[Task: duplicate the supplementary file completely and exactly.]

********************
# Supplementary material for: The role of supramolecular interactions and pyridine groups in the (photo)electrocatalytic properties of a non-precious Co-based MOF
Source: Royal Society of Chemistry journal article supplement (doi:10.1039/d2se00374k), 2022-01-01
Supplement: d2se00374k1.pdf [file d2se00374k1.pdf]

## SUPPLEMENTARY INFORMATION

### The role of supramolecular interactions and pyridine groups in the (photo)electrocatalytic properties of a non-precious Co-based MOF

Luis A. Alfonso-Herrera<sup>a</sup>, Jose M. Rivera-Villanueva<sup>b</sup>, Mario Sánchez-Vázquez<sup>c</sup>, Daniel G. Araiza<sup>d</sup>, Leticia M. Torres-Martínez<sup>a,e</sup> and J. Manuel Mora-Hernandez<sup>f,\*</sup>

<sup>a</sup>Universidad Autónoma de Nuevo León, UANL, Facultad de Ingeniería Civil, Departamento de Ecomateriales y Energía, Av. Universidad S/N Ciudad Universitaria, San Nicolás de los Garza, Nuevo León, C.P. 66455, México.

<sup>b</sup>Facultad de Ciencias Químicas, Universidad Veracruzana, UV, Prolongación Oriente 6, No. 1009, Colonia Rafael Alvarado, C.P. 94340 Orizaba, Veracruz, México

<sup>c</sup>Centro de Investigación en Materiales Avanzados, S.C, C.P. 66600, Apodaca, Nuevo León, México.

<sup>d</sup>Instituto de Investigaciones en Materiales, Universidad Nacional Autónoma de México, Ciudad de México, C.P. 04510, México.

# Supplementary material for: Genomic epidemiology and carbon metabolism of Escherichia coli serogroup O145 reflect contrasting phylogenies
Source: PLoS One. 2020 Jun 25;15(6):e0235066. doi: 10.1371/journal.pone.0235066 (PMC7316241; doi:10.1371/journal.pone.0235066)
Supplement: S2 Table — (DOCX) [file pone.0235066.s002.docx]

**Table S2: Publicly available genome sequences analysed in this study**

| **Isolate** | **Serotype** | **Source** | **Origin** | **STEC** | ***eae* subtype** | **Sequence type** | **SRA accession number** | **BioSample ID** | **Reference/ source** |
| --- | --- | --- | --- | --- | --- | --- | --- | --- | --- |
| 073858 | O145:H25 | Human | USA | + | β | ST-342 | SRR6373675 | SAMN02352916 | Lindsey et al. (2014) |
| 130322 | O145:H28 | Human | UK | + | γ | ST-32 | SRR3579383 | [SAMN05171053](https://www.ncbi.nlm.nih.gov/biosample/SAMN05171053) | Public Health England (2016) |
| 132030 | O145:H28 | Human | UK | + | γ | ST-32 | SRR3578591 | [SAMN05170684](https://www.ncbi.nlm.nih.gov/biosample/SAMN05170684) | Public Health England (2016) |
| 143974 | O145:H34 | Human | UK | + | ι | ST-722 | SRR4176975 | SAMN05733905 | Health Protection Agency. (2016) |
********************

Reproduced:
# Supplementary material for: The role of supramolecular interactions and pyridine groups in the (photo)electrocatalytic properties of a non-precious Co-based MOF
Source: Royal Society of Chemistry journal article supplement (doi:10.1039/d2se00374k), 2022-01-01
Supplement: d2se00374k1.pdf [file d2se00374k1.pdf]

## SUPPLEMENTARY INFORMATION

### The role of supramolecular interactions and pyridine groups in the (photo)electrocatalytic properties of a non-precious Co-based MOF

Luis A. Alfonso-Herrera<sup>a</sup>, Jose M. Rivera-Villanueva<sup>b</sup>, Mario Sánchez-Vázquez<sup>c</sup>, Daniel G. Araiza<sup>d</sup>, Leticia M. Torres-Martínez<sup>a,e</sup> and J. Manuel Mora-Hernandez<sup>f,\*</sup>

<sup>a</sup>Universidad Autónoma de Nuevo León, UANL, Facultad de Ingeniería Civil, Departamento de Ecomateriales y Energía, Av. Universidad S/N Ciudad Universitaria, San Nicolás de los Garza, Nuevo León, C.P. 66455, México.

<sup>b</sup>Facultad de Ciencias Químicas, Universidad Veracruzana, UV, Prolongación Oriente 6, No. 1009, Colonia Rafael Alvarado, C.P. 94340 Orizaba, Veracruz, México

<sup>c</sup>Centro de Investigación en Materiales Avanzados, S.C, C.P. 66600, Apodaca, Nuevo León, México.

<sup>d</sup>Instituto de Investigaciones en Materiales, Universidad Nacional Autónoma de México, Ciudad de México, C.P. 04510, México.

# Supplementary material for: Genomic epidemiology and carbon metabolism of Escherichia coli serogroup O145 reflect contrasting phylogenies
Source: PLoS One. 2020 Jun 25;15(6):e0235066. doi: 10.1371/journal.pone.0235066 (PMC7316241; doi:10.1371/journal.pone.0235066)
Supplement: S2 Table — (DOCX) [file pone.0235066.s002.docx]

**Table S2: Publicly available genome sequences analysed in this study**

| **Isolate** | **Serotype** | **Source** | **Origin** | **STEC** | ***eae* subtype** | **Sequence type** | **SRA accession number** | **BioSample ID** | **Reference/ source** |
| --- | --- | --- | --- | --- | --- | --- | --- | --- | --- |
| 073858 | O145:H25 | Human | USA | + | β | ST-342 | SRR6373675 | SAMN02352916 | Lindsey et al. (2014) |
| 130322 | O145:H28 | Human | UK | + | γ | ST-32 | SRR3579383 | [SAMN05171053](https://www.ncbi.nlm.nih.gov/biosample/SAMN05171053) | Public Health England (2016) |
| 132030 | O145:H28 | Human | UK | + | γ | ST-32 | SRR3578591 | [SAMN05170684](https://www.ncbi.nlm.nih.gov/biosample/SAMN05170684) | Public Health England (2016) |
| 143974 | O145:H34 | Human | UK | + | ι | ST-722 | SRR4176975 | SAMN05733905 | Health Protection Agency. (2016) |